Laboratory pressurization control is standard practice for research, cGMP suites and production areas in the pharma and biotech industries.
In concept, labs and production areas are pressurized in relation to the spaces adjacent to them by altering the balance between the air supplied and the air exhausted. The difference between the two airstreams is what pressurizes the space and is called transfer air. These areas are usually designed to be negatively pressured, although some areas do require positive pressurization. A properly pressurized space may only have a pressure differential of a few thousandths of an inch of water column.
The degree to which an area can be pressurized is a function of how tight the seal is between it and the adjacent spaces. Typically, the building design includes doors with gaskets and sweeps, sealed penetrations and, in some cases, hard ceilings along with airlocks. Building mechanical systems must be capable of providing stable system static pressure control along with maintaining a constant and stable building reference pressure. Most design engineers will utilize a common corridor for the reference pressure. Individual spaces should utilize precision air valves, flow sensors, pressure sensors and programmable controllers to achieve the desired pressure stability.
Direct Pressure or CFM Volume Tracking Control
Direct pressure control utilizes a local area pressure sensor to determine the pressure differential between the controlled space and the common reference pressure. Typically, the supply valve is controlled at a constant CFM setpoint (adjusted for temperature demands), and the total exhaust is variable and adjusted to maintain the pressure differential. Direct pressure control ignores room porosity and the habits of the occupants. Porosity can range from very tight in some spaces and very porous in others. Closing doors between pressurized spaces to ensure the space porosity is maintained involves developing proper occupancy habits. It is usually difficult to achieve overall pressure balance in direct pressure control buildings.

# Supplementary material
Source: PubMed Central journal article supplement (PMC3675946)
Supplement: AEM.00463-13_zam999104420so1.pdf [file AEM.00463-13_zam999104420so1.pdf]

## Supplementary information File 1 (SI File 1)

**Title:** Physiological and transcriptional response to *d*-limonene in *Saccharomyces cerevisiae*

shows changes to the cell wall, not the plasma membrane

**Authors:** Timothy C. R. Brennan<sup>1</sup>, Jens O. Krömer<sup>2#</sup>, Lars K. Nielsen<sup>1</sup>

CFM volume tracking control utilizes a programmable controller to achieve proper pressurization. Typically, the supply valve is controlled at a constant CFM setpoint (adjusted for temperature demands), and the total exhaust tracks the supply volume with a programmed bias CFM setpoint to maintain pressure. CFM volume tracking control buildings are often easier to achieve overall pressure balance because the individual space bias CFM setpoint can be adjusted for varying porosity. In both cases, door switches can be utilized to ensure doors remain closed, although tracking control reduces large variations in control setpoints. Room pressure sensors are used for system monitoring only rather than control.
Constant Volume or Variable Volume Control
With constant volume control, the supply valve is typically controlled at a constant CFM setpoint (adjusted for temperature demands), and the total exhaust tracks the supply volume with a programmed bias CFM setpoint to maintain pressure. Constant volume control tends to be simple to program, although it doesn’t apply when VAV hoods are used and does not provide for energy-saving strategies.
Variable volume control utilizes a programable controller to calculate the total exhaust in a lab space with VAV hoods. Often, a general exhaust valve is used to accommodate temperature control and minimum air change requirements in a lab. The supply valve tracks the total exhaust volume with a programmed bias CFM setpoint to maintain pressure. Variable volume control offers many advantages, most importantly energy efficiency.
When choosing a control strategy, it is important to consider all aspects of the building design and the associated control equipment. If you’d like to learn more about these options, please call us at 203-261-8100 or email us.